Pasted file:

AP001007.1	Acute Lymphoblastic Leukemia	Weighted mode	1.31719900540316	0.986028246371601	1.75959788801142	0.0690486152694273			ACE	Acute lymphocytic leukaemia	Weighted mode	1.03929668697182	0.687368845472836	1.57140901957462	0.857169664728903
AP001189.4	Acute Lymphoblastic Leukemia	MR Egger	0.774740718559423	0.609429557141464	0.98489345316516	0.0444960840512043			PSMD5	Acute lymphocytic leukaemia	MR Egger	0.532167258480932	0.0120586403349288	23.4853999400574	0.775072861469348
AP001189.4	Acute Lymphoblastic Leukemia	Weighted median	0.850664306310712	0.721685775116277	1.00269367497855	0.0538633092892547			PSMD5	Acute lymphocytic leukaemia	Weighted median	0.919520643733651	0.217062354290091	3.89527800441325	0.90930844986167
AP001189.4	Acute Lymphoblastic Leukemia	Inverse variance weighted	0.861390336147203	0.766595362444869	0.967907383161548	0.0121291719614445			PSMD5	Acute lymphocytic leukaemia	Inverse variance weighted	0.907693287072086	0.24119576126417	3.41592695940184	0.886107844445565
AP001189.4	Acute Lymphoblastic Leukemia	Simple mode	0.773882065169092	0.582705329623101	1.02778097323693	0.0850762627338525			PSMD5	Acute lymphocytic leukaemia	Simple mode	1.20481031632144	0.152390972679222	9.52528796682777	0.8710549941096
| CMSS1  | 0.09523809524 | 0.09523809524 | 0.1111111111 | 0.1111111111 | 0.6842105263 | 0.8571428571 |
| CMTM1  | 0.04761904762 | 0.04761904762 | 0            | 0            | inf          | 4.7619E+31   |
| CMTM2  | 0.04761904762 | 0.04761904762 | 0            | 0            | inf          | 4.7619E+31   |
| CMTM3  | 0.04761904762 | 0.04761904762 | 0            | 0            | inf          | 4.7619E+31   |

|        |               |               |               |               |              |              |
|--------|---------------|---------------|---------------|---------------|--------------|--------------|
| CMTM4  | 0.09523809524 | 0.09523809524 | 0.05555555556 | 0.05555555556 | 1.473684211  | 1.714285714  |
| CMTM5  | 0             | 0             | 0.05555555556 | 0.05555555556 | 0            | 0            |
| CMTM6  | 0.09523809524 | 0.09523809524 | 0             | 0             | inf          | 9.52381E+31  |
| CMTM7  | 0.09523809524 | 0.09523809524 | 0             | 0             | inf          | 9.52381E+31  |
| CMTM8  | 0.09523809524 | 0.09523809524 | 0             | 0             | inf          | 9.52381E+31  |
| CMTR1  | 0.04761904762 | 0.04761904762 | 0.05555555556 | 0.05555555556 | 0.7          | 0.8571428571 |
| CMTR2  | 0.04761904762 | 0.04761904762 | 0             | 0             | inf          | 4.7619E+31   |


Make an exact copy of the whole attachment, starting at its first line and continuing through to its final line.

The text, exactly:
AP001007.1	Acute Lymphoblastic Leukemia	Weighted mode	1.31719900540316	0.986028246371601	1.75959788801142	0.0690486152694273			ACE	Acute lymphocytic leukaemia	Weighted mode	1.03929668697182	0.687368845472836	1.57140901957462	0.857169664728903
AP001189.4	Acute Lymphoblastic Leukemia	MR Egger	0.774740718559423	0.609429557141464	0.98489345316516	0.0444960840512043			PSMD5	Acute lymphocytic leukaemia	MR Egger	0.532167258480932	0.0120586403349288	23.4853999400574	0.775072861469348
AP001189.4	Acute Lymphoblastic Leukemia	Weighted median	0.850664306310712	0.721685775116277	1.00269367497855	0.0538633092892547			PSMD5	Acute lymphocytic leukaemia	Weighted median	0.919520643733651	0.217062354290091	3.89527800441325	0.90930844986167
AP001189.4	Acute Lymphoblastic Leukemia	Inverse variance weighted	0.861390336147203	0.766595362444869	0.967907383161548	0.0121291719614445			PSMD5	Acute lymphocytic leukaemia	Inverse variance weighted	0.907693287072086	0.24119576126417	3.41592695940184	0.886107844445565
AP001189.4	Acute Lymphoblastic Leukemia	Simple mode	0.773882065169092	0.582705329623101	1.02778097323693	0.0850762627338525			PSMD5	Acute lymphocytic leukaemia	Simple mode	1.20481031632144	0.152390972679222	9.52528796682777	0.8710549941096
| CMSS1  | 0.09523809524 | 0.09523809524 | 0.1111111111 | 0.1111111111 | 0.6842105263 | 0.8571428571 |
| CMTM1  | 0.04761904762 | 0.04761904762 | 0            | 0            | inf          | 4.7619E+31   |
| CMTM2  | 0.04761904762 | 0.04761904762 | 0            | 0            | inf          | 4.7619E+31   |
| CMTM3  | 0.04761904762 | 0.04761904762 | 0            | 0            | inf          | 4.7619E+31   |

|        |               |               |               |               |              |              |
|--------|---------------|---------------|---------------|---------------|--------------|--------------|
| CMTM4  | 0.09523809524 | 0.09523809524 | 0.05555555556 | 0.05555555556 | 1.473684211  | 1.714285714  |
| CMTM5  | 0             | 0             | 0.05555555556 | 0.05555555556 | 0            | 0            |
| CMTM6  | 0.09523809524 | 0.09523809524 | 0             | 0             | inf          | 9.52381E+31  |
| CMTM7  | 0.09523809524 | 0.09523809524 | 0             | 0             | inf          | 9.52381E+31  |
| CMTM8  | 0.09523809524 | 0.09523809524 | 0             | 0             | inf          | 9.52381E+31  |
| CMTR1  | 0.04761904762 | 0.04761904762 | 0.05555555556 | 0.05555555556 | 0.7          | 0.8571428571 |
| CMTR2  | 0.04761904762 | 0.04761904762 | 0             | 0             | inf          | 4.7619E+31   |